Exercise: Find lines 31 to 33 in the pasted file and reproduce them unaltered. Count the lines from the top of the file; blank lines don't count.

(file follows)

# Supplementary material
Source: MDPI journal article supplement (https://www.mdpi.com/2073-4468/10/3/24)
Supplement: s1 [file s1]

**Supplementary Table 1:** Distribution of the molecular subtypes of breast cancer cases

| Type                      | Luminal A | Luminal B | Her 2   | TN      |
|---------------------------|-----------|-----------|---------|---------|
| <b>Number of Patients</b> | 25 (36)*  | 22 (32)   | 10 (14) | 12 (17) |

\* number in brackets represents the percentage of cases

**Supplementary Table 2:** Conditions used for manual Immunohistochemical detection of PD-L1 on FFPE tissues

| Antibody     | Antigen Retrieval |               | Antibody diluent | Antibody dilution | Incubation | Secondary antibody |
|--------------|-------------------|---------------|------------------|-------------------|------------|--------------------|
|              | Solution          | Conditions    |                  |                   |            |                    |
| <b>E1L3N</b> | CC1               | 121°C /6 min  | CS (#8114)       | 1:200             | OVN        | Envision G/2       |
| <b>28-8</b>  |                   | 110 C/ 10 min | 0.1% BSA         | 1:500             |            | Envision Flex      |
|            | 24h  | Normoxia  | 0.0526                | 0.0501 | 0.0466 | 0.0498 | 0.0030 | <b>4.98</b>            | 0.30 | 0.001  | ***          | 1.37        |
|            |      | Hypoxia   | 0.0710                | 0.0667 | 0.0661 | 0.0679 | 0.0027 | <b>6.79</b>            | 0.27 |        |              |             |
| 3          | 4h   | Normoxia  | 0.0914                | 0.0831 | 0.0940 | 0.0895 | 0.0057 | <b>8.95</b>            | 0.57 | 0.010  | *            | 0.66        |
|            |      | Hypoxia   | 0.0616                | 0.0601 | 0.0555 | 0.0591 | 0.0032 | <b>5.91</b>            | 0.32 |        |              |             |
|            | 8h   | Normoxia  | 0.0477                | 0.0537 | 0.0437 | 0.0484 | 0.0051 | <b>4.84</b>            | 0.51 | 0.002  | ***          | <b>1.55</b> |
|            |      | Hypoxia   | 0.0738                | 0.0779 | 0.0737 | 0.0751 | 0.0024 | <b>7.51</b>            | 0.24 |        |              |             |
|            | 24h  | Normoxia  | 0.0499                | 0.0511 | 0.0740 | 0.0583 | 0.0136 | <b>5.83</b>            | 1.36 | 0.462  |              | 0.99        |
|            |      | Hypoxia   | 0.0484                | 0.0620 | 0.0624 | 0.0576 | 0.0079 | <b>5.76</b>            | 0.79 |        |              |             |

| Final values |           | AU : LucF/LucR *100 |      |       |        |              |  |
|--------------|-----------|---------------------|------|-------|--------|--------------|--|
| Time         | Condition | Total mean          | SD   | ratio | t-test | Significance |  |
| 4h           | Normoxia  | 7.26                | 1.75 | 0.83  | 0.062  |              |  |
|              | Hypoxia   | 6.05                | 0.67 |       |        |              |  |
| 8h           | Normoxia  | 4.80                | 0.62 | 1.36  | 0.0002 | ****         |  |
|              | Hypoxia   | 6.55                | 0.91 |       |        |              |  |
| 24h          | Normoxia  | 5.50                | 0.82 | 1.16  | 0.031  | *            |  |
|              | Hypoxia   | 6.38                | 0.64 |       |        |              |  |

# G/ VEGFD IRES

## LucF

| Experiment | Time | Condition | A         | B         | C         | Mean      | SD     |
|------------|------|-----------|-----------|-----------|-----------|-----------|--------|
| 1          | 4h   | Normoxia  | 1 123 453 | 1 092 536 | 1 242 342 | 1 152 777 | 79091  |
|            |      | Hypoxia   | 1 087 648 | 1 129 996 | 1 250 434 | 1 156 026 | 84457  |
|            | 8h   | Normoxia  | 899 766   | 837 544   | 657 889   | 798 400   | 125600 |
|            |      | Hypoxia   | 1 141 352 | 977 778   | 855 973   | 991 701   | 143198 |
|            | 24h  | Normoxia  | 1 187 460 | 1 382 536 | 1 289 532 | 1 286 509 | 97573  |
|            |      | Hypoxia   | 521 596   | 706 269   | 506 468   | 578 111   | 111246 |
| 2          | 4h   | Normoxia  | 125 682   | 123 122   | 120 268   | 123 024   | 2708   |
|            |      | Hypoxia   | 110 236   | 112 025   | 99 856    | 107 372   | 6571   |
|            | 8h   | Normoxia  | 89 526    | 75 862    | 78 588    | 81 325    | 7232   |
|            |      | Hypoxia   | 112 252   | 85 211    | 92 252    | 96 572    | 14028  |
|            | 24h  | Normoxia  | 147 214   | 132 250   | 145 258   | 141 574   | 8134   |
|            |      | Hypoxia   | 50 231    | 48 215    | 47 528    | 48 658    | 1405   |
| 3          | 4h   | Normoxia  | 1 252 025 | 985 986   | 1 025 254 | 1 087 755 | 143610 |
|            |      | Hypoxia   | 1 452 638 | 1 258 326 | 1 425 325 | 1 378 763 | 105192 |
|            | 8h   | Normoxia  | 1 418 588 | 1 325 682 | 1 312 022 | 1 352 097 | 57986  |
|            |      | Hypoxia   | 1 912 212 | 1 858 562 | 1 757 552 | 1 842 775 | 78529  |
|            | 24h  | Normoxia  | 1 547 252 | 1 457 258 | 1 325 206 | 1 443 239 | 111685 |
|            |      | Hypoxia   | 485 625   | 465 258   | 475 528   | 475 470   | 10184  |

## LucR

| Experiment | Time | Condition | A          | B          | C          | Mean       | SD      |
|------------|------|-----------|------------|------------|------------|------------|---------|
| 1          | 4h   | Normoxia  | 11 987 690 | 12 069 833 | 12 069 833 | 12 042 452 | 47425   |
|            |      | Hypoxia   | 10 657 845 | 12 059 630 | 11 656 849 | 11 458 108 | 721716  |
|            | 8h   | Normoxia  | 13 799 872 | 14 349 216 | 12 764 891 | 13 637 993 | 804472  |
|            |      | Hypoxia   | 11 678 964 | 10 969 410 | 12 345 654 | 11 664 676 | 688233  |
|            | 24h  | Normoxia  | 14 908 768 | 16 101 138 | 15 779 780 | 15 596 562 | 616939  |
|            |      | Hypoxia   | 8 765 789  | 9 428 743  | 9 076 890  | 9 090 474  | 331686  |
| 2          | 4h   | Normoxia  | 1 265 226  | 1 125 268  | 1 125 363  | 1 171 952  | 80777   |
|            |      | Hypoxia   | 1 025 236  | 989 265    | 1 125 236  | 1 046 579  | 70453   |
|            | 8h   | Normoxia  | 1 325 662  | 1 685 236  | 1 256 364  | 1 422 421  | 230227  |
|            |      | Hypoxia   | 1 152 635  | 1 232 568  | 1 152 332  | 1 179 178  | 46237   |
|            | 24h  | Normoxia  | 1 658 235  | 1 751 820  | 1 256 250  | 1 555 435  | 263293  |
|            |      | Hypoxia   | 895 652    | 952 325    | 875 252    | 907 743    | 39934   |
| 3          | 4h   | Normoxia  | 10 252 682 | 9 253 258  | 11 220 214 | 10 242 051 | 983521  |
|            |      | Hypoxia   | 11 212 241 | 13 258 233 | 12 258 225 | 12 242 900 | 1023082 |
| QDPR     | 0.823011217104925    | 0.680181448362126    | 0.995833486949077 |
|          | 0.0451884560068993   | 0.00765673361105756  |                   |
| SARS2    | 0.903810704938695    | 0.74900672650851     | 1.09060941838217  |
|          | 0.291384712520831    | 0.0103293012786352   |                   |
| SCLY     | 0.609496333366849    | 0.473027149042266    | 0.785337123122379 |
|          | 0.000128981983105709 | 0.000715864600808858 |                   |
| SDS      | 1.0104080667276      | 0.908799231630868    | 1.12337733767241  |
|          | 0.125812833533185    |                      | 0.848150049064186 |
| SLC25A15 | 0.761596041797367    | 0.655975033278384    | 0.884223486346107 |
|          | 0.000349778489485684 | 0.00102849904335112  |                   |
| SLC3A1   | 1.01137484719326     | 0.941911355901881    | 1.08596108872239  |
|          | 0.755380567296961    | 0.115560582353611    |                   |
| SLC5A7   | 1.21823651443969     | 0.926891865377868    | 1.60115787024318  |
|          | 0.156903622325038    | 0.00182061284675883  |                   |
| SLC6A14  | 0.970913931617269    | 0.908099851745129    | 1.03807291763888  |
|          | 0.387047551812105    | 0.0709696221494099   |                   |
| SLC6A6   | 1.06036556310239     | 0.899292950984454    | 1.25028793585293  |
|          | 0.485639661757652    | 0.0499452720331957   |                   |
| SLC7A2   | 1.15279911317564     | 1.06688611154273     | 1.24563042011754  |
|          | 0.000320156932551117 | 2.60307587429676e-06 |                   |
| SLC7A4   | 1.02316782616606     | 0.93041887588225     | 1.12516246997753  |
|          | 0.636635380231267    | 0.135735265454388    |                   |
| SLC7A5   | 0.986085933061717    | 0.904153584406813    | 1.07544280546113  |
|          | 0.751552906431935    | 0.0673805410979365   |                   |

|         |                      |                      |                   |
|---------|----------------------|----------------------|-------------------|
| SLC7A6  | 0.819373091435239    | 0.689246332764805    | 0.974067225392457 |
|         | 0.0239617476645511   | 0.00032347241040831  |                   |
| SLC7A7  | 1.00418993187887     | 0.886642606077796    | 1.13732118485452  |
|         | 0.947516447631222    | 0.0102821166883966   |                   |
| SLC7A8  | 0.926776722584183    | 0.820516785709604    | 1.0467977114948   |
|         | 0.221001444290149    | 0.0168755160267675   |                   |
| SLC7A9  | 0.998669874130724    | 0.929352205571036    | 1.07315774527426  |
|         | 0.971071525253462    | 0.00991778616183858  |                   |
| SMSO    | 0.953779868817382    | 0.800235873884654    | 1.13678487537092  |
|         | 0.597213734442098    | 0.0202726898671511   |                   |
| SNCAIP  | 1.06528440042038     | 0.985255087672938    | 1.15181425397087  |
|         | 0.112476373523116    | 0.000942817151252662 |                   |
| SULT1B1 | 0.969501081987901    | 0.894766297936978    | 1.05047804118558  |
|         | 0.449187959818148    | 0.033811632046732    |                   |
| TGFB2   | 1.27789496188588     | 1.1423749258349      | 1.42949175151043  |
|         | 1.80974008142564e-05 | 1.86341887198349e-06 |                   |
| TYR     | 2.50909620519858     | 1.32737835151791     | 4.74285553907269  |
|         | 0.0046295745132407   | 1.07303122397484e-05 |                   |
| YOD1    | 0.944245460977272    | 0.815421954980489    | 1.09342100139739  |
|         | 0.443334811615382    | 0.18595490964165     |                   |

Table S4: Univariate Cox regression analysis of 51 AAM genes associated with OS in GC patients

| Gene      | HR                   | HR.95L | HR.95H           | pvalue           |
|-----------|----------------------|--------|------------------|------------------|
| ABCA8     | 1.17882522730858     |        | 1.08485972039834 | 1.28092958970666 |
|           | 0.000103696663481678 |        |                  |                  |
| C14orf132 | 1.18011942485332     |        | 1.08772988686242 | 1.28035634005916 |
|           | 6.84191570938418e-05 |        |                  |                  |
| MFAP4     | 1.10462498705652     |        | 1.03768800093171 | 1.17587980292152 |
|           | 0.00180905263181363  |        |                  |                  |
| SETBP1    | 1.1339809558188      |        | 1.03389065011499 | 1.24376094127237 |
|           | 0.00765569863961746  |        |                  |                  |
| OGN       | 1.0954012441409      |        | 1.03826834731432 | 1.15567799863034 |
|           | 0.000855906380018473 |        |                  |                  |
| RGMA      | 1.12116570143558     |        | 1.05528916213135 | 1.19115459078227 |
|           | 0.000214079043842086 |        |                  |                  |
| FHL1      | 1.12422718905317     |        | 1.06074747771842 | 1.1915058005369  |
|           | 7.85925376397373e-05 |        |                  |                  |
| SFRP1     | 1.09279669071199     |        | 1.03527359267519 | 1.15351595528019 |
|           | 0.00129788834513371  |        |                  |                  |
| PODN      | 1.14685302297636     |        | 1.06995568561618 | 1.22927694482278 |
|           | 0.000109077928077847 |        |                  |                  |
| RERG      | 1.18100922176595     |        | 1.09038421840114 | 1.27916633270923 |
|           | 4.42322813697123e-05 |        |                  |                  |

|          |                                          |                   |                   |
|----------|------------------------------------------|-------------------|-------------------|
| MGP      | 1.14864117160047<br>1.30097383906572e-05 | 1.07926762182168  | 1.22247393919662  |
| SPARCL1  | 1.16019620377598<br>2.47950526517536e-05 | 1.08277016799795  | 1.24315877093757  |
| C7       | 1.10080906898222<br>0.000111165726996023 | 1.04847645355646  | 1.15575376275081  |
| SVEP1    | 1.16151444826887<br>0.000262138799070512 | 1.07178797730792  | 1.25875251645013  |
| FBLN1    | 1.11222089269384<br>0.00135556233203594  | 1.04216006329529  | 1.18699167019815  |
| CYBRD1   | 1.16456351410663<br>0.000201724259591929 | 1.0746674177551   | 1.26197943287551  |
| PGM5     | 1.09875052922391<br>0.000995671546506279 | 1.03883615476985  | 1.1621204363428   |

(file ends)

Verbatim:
|              | Hypoxia   | 6.38                | 0.64 |       |        |              |  |

# G/ VEGFD IRES

## LucF